i’ll repeat that. a trojan’ed hardware card caused the computer, on boot, to load windows from a remote server and run it like it’s right there. pretty spiffy.

what else was up… some kid found that Las Vegas airport had all their private documents, including access passwords and hardware designs for the flight systems, available in a public CMS and indexed by google. if you heard the rumor that he was arrested, that’s just rumors fyi. he’s fine, talk went as normal.

tangent: this was a skybox talk so it wasn’t described other than the name of the talk.  i only attended it cause it was called “Grepping the Gropers” and thought it’d be about some new uses of grep. oh well.

and finally, the dan kaminsky show happened as well. 5 problems he tries to solve in his hour:
1 – timing attacks. just make everything ran a few microseconds slower to fix that. ok dan.
2 – virtual machines don’t have access to /dev/random because they lack hardware, and so fall back to /dev/urandom and create broken ssh keys. his solution is to create a new /dev/random that’s based on the virtual machine being allowed to poll different things in the parent computer that have clocks and then run the offset noise through a von neumann “transition finder”, then run that through a hash as it goes. he’s got sample code ready. not mathematically perfect, but in practice it would have saved a lot of ssh keys. pretty cool.
3 – php makes it way too hard to do structured queries. his solution is to have a library that replaces “SELECT * WHERE a=^^a” with a structured query that knows ^^a is $a. code ready, and probably going to be ignored by everyone unless php puts it into the default examples page. oh, he did have a zinger here: “An IDE is a tool that moves copy paste from the Edit menu to the File menu”. cute.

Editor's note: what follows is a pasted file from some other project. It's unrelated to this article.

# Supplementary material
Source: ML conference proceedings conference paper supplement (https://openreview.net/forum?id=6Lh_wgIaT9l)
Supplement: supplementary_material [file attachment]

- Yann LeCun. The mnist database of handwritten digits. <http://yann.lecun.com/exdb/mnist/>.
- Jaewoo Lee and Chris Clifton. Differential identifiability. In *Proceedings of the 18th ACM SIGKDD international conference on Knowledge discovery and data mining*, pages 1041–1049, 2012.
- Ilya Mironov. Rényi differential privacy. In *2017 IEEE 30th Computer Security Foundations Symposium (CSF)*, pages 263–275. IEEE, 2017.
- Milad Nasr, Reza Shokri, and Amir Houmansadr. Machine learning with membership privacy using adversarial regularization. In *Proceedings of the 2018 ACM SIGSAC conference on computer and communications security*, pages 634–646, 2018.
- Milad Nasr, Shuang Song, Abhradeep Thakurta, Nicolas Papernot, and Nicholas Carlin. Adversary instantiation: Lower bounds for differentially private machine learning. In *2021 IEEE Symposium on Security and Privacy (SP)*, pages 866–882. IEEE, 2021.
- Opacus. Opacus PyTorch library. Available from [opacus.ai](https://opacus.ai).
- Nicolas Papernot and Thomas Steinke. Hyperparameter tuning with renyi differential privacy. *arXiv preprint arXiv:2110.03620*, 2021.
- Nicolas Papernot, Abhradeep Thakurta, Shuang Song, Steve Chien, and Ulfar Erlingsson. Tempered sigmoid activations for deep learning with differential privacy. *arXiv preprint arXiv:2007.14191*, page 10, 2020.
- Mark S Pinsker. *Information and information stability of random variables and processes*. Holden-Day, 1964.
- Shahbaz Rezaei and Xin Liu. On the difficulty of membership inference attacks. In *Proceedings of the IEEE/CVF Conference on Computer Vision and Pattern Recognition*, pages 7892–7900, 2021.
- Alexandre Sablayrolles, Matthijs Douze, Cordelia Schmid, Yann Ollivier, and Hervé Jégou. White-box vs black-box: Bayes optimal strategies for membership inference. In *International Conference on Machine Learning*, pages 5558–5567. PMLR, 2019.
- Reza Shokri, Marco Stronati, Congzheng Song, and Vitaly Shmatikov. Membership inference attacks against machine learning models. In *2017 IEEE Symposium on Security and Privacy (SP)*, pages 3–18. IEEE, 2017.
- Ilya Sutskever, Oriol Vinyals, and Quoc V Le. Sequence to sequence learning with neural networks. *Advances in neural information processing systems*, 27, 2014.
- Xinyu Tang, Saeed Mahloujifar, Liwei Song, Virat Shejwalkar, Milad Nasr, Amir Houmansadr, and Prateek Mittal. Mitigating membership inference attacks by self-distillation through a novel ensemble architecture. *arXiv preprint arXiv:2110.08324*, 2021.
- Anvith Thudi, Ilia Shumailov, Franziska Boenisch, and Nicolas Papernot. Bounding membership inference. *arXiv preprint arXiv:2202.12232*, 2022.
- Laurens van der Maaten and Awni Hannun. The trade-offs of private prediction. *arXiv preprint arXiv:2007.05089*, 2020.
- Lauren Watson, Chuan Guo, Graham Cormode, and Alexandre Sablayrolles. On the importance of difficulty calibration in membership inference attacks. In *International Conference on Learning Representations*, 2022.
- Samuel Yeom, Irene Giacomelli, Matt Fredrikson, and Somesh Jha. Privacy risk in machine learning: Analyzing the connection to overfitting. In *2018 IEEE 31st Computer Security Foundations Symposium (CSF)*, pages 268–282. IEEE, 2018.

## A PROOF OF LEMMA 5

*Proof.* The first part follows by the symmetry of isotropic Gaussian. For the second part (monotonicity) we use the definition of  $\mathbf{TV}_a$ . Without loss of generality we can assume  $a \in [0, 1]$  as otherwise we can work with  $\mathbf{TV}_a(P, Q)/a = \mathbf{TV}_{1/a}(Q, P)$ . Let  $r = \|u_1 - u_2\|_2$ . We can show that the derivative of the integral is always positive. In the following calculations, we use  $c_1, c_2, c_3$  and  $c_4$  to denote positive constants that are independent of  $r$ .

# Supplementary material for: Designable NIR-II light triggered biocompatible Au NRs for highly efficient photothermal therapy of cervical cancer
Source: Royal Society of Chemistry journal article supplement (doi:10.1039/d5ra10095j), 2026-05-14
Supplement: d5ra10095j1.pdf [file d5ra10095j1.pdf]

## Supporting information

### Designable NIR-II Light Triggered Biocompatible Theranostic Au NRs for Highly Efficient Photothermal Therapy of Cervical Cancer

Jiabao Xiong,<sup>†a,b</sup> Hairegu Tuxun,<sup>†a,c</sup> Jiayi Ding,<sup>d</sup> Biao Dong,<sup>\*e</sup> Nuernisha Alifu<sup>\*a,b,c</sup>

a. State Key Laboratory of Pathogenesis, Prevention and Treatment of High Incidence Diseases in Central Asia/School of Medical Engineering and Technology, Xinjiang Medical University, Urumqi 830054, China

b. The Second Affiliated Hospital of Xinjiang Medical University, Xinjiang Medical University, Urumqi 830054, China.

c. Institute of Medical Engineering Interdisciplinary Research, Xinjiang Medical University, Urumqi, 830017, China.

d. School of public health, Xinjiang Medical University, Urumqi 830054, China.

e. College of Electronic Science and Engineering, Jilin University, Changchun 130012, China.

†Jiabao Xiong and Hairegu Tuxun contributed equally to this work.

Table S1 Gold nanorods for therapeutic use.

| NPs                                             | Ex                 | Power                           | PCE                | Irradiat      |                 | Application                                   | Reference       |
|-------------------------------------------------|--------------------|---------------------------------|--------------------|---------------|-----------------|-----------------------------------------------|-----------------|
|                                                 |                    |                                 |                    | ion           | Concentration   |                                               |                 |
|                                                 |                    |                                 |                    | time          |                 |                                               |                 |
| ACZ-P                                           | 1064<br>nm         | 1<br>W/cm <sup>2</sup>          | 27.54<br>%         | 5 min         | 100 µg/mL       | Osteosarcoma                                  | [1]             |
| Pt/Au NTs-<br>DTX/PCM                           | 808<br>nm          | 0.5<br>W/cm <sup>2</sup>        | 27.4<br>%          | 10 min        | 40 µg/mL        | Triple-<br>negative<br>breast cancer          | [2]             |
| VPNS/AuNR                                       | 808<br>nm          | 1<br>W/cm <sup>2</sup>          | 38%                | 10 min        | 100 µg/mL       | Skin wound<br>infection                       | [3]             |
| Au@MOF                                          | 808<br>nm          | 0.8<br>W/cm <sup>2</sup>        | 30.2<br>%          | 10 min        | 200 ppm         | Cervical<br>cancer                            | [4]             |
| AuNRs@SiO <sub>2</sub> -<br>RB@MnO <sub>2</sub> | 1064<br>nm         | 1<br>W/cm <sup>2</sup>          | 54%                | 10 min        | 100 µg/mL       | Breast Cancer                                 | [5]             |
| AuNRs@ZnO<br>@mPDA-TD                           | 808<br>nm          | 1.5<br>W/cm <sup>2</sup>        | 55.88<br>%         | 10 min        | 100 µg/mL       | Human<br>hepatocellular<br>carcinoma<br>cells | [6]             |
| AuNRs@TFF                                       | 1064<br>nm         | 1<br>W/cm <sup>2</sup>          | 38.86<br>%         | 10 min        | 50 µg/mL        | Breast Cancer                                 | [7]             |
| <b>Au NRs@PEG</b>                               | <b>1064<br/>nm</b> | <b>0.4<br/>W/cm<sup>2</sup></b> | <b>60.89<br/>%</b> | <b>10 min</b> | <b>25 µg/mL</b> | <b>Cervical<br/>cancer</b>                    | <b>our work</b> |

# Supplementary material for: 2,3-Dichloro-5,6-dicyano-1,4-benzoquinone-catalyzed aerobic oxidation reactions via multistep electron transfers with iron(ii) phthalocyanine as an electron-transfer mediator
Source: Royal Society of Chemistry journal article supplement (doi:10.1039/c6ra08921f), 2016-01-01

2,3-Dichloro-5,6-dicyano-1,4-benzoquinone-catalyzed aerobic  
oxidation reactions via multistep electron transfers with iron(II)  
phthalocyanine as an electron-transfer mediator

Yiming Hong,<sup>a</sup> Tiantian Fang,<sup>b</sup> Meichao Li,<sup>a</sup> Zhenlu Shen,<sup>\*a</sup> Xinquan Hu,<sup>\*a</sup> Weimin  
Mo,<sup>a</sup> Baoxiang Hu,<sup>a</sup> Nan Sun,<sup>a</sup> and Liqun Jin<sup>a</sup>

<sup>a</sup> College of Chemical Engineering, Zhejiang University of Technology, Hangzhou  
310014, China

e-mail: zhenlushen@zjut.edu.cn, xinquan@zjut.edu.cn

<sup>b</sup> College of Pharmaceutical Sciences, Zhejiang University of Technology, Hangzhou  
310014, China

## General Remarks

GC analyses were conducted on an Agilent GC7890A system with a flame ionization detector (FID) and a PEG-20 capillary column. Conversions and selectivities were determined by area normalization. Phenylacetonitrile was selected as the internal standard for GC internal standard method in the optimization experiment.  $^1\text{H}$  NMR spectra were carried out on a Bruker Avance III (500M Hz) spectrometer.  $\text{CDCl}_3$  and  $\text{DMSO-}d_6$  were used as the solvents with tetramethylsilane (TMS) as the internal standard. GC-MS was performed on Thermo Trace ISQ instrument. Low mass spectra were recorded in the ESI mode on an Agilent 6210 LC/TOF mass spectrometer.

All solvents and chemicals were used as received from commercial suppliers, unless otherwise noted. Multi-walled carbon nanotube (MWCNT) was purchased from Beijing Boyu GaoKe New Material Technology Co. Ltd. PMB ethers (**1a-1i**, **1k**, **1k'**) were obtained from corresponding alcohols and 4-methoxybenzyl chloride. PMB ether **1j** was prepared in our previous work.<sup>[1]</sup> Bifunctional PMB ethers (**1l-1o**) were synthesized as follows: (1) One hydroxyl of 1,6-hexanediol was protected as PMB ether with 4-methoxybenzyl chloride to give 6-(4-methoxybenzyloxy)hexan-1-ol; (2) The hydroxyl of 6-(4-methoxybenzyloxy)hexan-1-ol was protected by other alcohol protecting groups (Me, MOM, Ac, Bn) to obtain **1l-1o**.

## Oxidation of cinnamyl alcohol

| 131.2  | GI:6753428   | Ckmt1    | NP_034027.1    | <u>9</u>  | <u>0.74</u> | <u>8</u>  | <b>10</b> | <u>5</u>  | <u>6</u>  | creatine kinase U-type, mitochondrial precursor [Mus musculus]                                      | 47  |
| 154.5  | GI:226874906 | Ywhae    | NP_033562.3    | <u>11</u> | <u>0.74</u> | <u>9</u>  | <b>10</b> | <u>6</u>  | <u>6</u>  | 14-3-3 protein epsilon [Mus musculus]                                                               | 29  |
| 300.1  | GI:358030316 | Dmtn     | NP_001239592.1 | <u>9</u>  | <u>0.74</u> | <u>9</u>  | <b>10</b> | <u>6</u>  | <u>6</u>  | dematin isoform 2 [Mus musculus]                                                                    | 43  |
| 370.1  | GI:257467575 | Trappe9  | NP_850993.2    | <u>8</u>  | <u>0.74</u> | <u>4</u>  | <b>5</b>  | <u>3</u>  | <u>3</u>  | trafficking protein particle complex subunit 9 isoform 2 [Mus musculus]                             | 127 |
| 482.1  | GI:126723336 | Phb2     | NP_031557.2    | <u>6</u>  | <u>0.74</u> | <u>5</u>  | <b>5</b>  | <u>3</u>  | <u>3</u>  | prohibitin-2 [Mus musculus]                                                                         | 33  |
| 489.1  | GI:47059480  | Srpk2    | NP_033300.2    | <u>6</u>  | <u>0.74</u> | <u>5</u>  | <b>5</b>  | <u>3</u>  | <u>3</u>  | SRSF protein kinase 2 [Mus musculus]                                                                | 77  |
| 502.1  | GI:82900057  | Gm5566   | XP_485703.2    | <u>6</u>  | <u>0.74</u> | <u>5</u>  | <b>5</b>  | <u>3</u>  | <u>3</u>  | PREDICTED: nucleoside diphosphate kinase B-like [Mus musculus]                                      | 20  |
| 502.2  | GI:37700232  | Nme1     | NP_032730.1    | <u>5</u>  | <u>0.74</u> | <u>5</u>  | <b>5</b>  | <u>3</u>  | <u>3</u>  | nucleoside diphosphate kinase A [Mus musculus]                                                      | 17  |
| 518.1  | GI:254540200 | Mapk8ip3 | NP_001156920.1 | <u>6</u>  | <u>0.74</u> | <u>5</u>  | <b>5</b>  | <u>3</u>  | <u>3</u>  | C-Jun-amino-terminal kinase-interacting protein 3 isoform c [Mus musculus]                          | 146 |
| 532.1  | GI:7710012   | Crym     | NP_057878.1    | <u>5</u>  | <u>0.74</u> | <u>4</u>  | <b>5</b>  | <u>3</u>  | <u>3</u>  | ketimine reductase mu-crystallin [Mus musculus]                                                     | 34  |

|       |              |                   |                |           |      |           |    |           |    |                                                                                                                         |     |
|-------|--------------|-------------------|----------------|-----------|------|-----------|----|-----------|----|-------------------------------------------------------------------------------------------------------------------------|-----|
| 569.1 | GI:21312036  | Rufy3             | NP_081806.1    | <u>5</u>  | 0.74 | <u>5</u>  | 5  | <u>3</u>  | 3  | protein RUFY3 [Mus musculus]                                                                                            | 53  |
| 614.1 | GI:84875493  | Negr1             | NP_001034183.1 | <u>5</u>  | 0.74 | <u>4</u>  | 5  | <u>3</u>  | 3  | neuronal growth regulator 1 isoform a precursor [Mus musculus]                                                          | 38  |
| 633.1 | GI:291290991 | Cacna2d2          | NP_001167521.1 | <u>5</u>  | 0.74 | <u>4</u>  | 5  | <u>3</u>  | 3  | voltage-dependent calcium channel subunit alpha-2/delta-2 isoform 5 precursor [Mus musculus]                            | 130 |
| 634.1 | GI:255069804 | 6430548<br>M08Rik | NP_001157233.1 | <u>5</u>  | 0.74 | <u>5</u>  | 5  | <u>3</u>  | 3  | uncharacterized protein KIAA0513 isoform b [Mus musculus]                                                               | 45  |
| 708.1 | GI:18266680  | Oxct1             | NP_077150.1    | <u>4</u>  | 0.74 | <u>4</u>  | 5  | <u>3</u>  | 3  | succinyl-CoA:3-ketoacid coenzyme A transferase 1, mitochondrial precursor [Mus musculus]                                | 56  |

4 – how to check if your government is blocking a website? create a minesweeper javascript that pulls favicons remotely. ok dan.
5 – and last, how to make IP scanners run faster? create a stateless scanner that shits SYNs to everyone, then forgets about them until it gets an ACK back. does 80k IPs per second, and has a full SQLite backend. pretty cool. one bug is that google servers are custom and stateless as well, leading to the two applications having the server version of stoner talks with each other. “hello?” “dude what?” “who are you?” “i know” “what?”. etc.

tangent, i just checked my notes and loaded up the doctorow talk to double check if i got the details right, but apparently the only notes i took during that one was the word “huarglblargl”. i guess i’ll trust my memory.

oh. wait. just remembered one more thing that pissed me off in his talk: doctorow did a bit about how computerized leg replacements cost $525,000, and then explained that that will not create a divide between rich and poor because people would simply not own houses in order to buy the expensive legs. ok cory.

3 Replies to “DECON day 3”

  1. Glad you liked 🙂 Some clarifications.

    The argument is that there’s some number of milliseconds noise that will forever obscure some number of nanoseconds noise past the point of no return. If this _isn’t_ true, then the non-constant time string comparison in OpenSSH is exploitable. I haven’t been able to model the equation here though.

    It’s *preferable* for VM’s to ask their host to do this replacement /dev/random work, but it seems to work inside of VM’s regardless.

    Could not agree with you more that the PHP hacks are irrelevant until they make it into samples. This is the challenge, making something good enough to make it there.

    The idea is that we should be able to detect censored sites from clients with no deployed code. works ok, and we’ll be able to do way better with Flash spoofing HTTP and HTTPS headers. In the later, we get certs.